“My, my, the poor wretches that come in here,” muttered Alana in her Tasmanian drawl. “This one’s husband can pull up a pretty massive lawsuit on the bugger that did this to his family. And that clod would be in even more peril if this lady died.”
Sarah’s fingers shook as she tried to undo the woman’s headscarf to begin suturing the head wound.
“Here, let me,” offered Alana, reaching out to assist Sarah, when the latter stopped her.
“No,” she said, frowning in thought. “Leave it on. I can work my way around that. The wound’s deep but not wide, and nearer her brow than her hairline. Anyways, why strip this woman of her dignity even more than she already has suffered?”
“Suit yourself,” Alana smirked and in a few minutes Hafsah Habeeb let out an ear-piercing scream as the first pangs of labour began.
“What are you theenking?” Hafsah broke into Sarah’s vivid reverie.
Forced back into the present, Sarah realized she had been holding a falafel halfway to her mouth for probably several minutes without actually taking a bite out of it.
“Oh nothing,” Sarah blushed and hastily shoved the chickpea fritter into her mouth. “Mmm! Can I have another one?”
Hafsah lightly tapped Sarah’s hand as it reached out towards the tray. “Not until you tell me why you look like zombie the whole time I was with Amir. I am mother of Mena for donkey’s years you know! I cannot be fooled!”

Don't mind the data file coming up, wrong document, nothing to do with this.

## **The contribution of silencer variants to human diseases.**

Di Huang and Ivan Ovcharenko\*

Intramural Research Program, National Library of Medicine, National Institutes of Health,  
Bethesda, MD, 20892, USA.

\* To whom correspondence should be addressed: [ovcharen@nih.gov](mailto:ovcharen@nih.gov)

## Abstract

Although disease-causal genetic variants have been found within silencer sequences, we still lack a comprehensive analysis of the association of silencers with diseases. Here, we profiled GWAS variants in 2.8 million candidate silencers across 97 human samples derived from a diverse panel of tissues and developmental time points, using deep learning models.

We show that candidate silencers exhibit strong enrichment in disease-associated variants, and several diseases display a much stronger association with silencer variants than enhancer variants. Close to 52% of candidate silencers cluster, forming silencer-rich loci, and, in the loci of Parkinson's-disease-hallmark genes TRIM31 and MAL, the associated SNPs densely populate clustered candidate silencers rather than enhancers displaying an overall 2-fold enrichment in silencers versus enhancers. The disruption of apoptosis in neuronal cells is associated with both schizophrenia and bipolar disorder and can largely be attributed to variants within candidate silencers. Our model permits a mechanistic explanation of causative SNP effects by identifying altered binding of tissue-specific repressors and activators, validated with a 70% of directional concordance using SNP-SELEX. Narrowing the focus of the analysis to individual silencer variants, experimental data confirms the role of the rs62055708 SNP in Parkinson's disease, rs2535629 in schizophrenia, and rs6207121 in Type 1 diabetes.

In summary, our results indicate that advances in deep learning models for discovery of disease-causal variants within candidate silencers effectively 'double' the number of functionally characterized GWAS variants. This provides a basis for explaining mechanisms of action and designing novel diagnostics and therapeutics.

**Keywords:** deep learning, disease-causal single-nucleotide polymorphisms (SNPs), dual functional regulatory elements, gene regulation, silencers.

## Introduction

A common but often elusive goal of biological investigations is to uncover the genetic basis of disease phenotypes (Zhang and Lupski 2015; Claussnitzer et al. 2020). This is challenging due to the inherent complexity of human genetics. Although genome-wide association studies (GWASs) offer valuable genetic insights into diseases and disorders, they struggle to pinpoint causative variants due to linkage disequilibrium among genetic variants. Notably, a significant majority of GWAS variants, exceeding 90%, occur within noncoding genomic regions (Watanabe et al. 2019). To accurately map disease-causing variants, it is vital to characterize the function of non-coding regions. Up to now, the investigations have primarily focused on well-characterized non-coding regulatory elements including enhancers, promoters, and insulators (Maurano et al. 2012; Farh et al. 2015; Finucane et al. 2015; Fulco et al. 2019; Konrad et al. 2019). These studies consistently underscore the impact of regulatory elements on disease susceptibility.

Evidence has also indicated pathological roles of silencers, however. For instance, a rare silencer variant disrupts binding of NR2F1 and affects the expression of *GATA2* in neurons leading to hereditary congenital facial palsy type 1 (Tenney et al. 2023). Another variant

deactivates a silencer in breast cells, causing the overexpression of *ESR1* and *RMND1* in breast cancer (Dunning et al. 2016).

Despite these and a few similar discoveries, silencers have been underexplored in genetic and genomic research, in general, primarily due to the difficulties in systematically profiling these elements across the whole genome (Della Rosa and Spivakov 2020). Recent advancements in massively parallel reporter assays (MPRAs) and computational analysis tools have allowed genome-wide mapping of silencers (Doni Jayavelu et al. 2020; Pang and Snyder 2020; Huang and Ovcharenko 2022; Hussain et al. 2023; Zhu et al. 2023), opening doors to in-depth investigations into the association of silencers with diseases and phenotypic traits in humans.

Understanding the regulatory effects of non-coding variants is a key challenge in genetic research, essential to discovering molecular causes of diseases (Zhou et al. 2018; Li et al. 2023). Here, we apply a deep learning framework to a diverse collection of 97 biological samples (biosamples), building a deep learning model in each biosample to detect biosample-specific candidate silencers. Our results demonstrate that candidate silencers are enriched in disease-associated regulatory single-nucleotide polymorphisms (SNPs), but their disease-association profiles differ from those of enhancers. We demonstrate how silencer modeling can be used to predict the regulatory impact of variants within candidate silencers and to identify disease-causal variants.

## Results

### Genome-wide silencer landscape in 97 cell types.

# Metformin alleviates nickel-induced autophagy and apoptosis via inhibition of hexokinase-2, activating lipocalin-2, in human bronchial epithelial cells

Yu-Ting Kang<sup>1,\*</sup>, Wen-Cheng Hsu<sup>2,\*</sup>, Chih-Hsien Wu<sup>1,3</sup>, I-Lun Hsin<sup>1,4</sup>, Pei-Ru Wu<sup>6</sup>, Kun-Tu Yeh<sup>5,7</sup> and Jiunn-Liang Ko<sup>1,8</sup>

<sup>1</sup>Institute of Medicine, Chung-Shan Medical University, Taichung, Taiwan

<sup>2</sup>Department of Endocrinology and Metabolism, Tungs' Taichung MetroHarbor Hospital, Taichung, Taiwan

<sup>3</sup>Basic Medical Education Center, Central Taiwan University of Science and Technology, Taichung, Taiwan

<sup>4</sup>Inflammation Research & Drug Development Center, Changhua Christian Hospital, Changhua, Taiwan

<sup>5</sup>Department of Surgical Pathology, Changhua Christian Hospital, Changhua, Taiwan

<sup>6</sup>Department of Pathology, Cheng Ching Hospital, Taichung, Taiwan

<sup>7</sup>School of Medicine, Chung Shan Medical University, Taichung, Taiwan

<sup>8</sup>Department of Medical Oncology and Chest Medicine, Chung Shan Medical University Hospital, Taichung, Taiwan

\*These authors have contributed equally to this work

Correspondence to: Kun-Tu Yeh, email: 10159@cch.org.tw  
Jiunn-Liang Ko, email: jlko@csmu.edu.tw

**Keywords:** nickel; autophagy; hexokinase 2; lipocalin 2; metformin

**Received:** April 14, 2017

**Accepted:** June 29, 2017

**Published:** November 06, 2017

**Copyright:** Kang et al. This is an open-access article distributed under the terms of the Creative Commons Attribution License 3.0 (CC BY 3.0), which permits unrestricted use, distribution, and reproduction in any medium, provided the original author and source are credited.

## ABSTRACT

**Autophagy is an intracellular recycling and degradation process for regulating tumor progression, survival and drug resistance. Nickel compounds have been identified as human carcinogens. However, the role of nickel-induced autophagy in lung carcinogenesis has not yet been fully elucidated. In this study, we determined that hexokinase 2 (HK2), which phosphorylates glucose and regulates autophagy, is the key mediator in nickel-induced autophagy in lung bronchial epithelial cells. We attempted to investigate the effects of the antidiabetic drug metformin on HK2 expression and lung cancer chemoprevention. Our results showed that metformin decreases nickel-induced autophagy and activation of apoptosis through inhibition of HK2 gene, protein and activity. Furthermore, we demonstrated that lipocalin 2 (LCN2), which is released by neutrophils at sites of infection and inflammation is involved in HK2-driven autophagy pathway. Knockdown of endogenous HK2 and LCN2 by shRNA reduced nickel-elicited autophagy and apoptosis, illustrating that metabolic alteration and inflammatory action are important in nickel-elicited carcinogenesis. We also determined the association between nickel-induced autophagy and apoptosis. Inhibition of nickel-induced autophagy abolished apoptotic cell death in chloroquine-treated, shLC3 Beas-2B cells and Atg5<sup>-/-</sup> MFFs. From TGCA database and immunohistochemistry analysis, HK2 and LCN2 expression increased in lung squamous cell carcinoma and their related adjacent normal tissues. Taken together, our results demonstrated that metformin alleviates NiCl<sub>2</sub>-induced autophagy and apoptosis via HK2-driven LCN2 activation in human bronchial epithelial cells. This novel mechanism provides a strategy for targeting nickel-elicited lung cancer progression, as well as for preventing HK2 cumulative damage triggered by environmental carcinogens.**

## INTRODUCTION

Sarah chuckled. “Well, if you must know, I was thinking back to the day I met you.”
Hafsah shuddered. “It would make anyone a zombie. Why you theenk of that now?”
“Because it was the day I found a true friend. And I found myself too. How could I ever repay you?” Sarah squeezed Hafsah’s hands.
“Oh well, you didn’t take off my hijaab. I owe you one too.” Hafsah joked.
“Oh that,” Sarah smiled mischievously. “It was just hard to untie all the knots so I left it as it was.”
Both women laughed.
“Alhamdulillah, all praise to God, everything was meant to be.” Hafsah said, wiping away tears of mirth.
Sarah withdrew her hands only to pick up a falafel and thoughtfully chewed a bit off.
“Well, that’s the thing, see. It was how even in that desperate situation you had complete faith in God and totally none in the medical team working to save your life. That got me thinking. Why? How come? And in the days that followed, I learned about your then ‘mysterious faith’ and how it came to be that even after the death of your baby, you were more at peace than you were upset. It totally baffled me.”
“Well, it was tough, I will not deny it,” Hafsah admitted, as she absently traced her finger along the rim of the tray of falafels. “Baby Radwah was a long-waited child for us and a sister for my Mena. Losing her was..” she struggled for words, “ Torture. Reel torture! But then, I reminded myself, I did not lose my Sulaiman or my Mena. Imagine if I had lost them! It was only the mercy of God that they were spared. Subahaanallah, how could I not be grateful for that? That’s what kept me going on.”